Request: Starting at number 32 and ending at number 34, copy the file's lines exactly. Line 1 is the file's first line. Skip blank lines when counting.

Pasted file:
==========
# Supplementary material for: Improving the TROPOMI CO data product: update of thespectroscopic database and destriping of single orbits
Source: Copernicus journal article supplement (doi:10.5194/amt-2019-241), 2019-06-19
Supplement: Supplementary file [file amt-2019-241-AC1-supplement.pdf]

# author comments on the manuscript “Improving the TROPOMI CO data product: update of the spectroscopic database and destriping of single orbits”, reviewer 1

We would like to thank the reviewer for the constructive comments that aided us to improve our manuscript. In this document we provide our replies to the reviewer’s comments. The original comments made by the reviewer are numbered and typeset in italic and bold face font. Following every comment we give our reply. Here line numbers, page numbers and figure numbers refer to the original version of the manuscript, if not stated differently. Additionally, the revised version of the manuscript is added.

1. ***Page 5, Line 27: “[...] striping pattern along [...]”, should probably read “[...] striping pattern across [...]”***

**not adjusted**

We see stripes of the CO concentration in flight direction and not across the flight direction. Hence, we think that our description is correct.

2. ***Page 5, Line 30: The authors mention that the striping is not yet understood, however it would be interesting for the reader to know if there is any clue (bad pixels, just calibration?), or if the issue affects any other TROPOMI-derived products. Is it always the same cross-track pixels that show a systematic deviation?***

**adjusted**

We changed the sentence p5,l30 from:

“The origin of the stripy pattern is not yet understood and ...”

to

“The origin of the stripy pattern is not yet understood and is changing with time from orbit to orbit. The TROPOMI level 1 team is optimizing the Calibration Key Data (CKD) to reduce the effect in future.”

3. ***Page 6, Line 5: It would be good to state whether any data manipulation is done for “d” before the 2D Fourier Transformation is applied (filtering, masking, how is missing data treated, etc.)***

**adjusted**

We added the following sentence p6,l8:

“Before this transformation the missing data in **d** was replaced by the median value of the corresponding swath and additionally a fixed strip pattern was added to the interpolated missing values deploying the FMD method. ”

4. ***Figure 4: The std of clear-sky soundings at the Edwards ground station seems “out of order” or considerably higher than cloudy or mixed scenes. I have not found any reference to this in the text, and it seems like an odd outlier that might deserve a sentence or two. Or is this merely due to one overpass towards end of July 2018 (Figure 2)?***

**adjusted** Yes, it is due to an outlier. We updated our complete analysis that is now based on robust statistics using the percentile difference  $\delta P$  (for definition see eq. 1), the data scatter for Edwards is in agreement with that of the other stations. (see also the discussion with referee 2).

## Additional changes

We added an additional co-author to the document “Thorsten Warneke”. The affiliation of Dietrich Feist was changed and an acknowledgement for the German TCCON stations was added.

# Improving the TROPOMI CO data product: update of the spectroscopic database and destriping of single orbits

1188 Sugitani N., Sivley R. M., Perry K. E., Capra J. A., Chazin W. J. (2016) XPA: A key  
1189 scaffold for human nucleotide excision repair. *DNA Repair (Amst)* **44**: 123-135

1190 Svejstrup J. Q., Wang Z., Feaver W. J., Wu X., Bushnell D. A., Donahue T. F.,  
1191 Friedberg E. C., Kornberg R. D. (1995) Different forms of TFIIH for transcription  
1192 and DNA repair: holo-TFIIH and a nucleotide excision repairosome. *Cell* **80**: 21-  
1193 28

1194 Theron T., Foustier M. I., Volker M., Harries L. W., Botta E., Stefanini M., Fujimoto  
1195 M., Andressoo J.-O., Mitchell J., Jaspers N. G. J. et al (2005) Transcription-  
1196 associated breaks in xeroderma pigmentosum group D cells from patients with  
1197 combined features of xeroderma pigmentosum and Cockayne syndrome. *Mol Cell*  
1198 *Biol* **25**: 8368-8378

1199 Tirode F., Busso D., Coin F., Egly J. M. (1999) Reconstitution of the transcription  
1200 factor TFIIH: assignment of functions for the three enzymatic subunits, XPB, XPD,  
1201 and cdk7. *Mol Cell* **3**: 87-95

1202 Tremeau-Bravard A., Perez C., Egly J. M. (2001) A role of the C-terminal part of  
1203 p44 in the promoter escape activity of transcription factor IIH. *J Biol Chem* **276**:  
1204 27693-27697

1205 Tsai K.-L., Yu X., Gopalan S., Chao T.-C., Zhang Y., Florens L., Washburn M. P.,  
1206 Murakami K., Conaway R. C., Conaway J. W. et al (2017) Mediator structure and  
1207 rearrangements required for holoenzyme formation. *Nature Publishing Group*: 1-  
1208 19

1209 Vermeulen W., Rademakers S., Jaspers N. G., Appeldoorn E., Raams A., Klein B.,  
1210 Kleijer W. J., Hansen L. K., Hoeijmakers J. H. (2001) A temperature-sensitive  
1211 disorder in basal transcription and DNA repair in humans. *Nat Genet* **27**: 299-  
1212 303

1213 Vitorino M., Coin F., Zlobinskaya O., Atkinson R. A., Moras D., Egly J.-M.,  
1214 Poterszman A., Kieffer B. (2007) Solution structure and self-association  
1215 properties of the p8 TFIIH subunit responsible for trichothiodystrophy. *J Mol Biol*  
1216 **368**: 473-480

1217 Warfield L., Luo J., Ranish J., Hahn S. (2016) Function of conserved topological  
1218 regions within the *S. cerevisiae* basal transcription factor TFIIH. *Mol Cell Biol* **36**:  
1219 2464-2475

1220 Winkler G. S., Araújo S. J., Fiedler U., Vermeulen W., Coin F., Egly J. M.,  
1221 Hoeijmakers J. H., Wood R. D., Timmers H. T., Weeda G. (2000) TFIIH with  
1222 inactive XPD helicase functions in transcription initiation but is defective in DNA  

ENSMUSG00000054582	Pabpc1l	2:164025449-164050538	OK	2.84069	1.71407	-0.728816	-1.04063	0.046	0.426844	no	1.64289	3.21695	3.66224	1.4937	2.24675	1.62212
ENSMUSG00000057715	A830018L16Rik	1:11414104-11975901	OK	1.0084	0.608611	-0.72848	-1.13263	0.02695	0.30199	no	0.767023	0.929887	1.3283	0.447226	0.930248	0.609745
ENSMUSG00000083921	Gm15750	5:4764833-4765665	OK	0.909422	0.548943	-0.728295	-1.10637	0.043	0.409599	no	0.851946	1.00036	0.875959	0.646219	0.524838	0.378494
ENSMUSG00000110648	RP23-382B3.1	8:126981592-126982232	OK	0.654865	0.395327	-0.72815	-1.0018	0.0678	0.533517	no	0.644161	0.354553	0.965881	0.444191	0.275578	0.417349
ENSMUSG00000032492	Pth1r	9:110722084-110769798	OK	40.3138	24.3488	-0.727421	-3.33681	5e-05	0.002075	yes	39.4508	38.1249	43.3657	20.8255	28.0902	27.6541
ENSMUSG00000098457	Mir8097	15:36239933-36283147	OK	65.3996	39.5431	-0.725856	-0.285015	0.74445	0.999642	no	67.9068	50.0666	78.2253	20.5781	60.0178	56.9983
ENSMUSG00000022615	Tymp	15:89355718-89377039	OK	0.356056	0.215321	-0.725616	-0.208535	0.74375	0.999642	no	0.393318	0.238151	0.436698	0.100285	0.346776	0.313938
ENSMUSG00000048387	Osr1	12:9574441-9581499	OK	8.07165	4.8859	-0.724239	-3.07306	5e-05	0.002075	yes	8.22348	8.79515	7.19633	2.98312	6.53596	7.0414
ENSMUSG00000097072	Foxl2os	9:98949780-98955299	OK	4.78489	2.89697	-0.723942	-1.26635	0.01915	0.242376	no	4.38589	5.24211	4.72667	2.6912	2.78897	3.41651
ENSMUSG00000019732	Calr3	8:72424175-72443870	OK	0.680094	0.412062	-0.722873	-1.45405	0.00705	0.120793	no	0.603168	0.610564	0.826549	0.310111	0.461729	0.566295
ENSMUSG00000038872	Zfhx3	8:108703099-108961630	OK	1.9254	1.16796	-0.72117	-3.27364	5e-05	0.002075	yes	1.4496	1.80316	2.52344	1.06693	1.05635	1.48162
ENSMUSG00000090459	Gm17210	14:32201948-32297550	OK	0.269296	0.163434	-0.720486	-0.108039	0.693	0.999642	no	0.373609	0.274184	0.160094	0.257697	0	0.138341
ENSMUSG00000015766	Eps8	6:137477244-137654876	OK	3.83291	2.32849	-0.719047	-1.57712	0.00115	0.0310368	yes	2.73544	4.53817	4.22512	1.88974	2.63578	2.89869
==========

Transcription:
1196 associated breaks in xeroderma pigmentosum group D cells from patients with  
1197 combined features of xeroderma pigmentosum and Cockayne syndrome. *Mol Cell*  
1198 *Biol* **25**: 8368-8378